Like an automobile, a web application needs occasional maintenance and
management over its life cycle. Although it doesn't need oil changes, it will
probably need version upgrades. There may not be manufacturer recalls, but
sometimes servers fail or hang. An application doesn't need to be washed and
detailed, but it does need to be backed up. And both cars and applications
need occasional performance tuning.
This article provides a complete list of the system management functions that
need to be performed on a standard architecture web application, with a
particular emphasis on doing so in an Infrastructure-as-a-Service
Anyone who has implemented an application without sufficient evaluation, only
to realize too late that it does not solve the business problem, will
understand why evaluation is part of the application lifecycle.
Whether SaaS, IaaS or PaaS, one of the central concepts of all layers of
cloud computing is multi-tenancy. If there is no shared resource in a
deployment, it's difficult to justify calling that deployment "cloud."
Even NIST makes it more or less official within its formal definition of
cloud computing, which reads, in part:
Essential Characteristics: Resource pooling. The provider's computing
resources are pooled to serve multiple consumers using a multi-tenant model,
with different physical and virtual resources dynamically assigned and
reassigned according to consumer demand.
A leading cloud analyst recently told me that there are exactly two ways to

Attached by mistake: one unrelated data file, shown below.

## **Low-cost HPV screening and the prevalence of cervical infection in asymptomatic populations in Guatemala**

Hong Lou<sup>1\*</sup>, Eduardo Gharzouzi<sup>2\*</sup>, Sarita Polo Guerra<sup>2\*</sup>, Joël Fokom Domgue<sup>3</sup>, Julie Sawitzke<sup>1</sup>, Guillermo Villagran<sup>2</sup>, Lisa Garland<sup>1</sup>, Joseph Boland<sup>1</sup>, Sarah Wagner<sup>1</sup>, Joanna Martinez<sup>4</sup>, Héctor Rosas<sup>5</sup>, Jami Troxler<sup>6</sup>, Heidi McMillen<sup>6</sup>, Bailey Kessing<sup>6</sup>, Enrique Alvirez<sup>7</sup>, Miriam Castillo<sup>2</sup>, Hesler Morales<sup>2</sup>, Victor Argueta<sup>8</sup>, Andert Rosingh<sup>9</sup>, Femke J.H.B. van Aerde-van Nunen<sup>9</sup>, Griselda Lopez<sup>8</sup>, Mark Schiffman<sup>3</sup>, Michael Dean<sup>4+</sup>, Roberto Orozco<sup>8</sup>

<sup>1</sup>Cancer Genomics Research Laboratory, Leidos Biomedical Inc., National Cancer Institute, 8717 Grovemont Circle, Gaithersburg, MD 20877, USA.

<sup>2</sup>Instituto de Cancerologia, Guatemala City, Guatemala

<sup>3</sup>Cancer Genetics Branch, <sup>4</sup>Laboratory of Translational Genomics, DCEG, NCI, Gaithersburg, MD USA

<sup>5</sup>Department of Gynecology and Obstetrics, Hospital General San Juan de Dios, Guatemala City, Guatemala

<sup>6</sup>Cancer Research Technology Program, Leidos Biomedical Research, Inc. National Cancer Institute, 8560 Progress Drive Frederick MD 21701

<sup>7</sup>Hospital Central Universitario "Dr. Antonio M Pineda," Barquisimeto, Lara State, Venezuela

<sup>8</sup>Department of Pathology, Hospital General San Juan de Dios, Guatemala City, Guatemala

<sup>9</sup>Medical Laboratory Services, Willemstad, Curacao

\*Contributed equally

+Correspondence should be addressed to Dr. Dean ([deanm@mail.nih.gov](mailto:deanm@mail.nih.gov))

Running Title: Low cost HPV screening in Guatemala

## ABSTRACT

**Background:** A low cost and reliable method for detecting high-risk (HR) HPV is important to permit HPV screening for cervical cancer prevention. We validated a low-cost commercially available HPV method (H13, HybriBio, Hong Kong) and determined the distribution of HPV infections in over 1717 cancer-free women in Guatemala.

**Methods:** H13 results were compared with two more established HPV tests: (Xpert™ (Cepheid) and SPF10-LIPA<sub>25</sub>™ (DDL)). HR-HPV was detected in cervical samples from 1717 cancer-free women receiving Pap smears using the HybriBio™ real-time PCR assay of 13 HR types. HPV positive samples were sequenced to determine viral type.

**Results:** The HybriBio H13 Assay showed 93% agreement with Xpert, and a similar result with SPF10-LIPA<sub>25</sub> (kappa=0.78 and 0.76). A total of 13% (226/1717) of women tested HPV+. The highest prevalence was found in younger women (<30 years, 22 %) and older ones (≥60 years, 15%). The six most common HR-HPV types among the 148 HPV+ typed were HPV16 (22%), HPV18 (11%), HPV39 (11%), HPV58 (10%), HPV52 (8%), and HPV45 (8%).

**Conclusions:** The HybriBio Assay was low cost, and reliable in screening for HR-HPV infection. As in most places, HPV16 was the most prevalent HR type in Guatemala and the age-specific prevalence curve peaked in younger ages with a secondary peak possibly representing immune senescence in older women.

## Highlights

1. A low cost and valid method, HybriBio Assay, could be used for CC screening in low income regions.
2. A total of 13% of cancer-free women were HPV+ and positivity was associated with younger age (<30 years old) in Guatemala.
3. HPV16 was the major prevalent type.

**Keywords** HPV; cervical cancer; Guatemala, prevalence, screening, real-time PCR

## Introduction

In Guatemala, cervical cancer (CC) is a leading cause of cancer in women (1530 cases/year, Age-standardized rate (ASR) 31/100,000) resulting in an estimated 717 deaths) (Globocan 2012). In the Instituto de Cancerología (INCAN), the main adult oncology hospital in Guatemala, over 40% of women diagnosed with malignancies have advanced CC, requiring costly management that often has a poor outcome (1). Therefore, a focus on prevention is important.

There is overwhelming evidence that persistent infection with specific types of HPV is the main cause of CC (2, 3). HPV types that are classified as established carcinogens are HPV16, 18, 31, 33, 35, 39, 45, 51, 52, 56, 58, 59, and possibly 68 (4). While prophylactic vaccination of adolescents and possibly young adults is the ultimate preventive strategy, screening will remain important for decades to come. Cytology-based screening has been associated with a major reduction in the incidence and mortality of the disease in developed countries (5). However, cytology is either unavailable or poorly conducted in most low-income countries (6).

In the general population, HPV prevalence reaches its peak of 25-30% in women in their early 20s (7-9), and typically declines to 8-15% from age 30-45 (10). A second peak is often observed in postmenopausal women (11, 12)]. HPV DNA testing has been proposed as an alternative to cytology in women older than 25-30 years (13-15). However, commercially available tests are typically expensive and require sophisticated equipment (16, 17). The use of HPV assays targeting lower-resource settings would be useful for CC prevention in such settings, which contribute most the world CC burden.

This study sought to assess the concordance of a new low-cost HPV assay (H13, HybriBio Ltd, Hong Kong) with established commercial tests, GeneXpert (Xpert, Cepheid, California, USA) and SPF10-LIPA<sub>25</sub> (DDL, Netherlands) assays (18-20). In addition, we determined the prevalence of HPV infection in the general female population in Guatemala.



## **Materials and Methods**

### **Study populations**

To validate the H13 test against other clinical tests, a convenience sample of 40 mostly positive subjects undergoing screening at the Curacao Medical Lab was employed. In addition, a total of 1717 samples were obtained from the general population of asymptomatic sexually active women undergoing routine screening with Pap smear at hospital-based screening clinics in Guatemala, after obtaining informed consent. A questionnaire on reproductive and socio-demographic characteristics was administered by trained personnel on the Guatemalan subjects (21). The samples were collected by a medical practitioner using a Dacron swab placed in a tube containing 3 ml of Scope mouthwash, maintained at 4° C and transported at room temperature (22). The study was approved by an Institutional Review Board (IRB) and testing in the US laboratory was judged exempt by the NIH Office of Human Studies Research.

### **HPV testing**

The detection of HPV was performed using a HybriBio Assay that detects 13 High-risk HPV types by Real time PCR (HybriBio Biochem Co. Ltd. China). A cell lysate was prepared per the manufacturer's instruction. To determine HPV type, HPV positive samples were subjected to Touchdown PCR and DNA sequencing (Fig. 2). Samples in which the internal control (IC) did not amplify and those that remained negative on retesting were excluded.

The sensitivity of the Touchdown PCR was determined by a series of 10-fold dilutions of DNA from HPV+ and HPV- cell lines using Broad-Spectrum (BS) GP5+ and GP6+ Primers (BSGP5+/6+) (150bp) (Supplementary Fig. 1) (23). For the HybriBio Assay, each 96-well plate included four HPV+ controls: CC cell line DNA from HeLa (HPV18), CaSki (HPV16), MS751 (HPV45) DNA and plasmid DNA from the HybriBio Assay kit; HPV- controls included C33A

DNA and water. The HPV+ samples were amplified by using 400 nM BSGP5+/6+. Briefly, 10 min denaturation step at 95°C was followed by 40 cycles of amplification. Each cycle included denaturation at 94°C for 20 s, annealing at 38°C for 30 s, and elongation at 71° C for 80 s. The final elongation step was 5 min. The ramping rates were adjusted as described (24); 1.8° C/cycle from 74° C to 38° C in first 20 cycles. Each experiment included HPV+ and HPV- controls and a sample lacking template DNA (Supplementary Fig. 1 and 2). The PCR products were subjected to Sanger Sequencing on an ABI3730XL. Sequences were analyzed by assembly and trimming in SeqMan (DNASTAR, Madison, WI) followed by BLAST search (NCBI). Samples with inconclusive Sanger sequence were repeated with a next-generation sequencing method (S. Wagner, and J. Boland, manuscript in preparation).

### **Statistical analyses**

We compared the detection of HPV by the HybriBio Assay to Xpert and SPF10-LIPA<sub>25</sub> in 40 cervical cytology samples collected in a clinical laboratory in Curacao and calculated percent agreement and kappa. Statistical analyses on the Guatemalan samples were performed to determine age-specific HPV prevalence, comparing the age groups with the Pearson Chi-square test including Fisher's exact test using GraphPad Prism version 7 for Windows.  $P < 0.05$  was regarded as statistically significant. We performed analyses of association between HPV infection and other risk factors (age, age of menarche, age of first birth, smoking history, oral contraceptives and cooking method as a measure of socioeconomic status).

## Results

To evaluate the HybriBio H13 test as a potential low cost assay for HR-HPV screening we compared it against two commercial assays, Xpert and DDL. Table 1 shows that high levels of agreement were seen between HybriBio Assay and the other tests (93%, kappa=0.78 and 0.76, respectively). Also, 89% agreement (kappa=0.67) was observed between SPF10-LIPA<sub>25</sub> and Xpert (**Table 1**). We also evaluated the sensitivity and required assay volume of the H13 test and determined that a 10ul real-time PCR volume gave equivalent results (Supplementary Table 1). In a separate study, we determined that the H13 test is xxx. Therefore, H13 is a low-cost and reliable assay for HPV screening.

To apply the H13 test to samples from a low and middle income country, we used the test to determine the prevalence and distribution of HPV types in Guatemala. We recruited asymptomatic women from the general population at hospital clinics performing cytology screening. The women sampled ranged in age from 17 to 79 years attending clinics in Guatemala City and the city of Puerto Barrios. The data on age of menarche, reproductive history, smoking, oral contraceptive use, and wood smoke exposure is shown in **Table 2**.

operate software: Software-as-a-Service (SaaS) and on-premises. He said,
"Either they run in the cloud and someone else takes full responsibility for
the underlying physical infrastructure and system management (SaaS); or they
run on your own equipment and you operate it yourself (on-prem)."
I said, "Not so fast."
To be sure, there are models where some of the administration is outsourced,
such as shared hosting or managed services. But these approaches still leave
the financial and management burden with... (more)
In an application deployed directly on IaaS, you know and control everything
about the database; in a SaaS application you know little and control
But how does it work in PaaS?
Since a PaaS is essentially a container that runs application code, and
virtually every application requires a persistent data store, most PaaS
offerings provide some kind of database services. Not surprisingly, Resource
PaaS offerings most closely resemble SaaS in that they hide more deployment
details, while Server PaaS offerings are more flexible but potentially more
complex. (For more on Res... (more)
Despite my shaky prediction performance in 2011, I'm going to try again.
Last year, my best predictions were based on some sort of specialized
knowledge or insight, and the worst came from looking into the macro
environment and making guesses. So, this year's predictions emphasize the
former approach, yet hopefully avoid sounding like claims such as "the market
1. 2012 will be the Year of the Storefront in the cloud.
Admittedly, this is a somewhat self-serving prediction, since Standing Cloud
is (among other things) a storefront. But based on the variety of offerin... (more)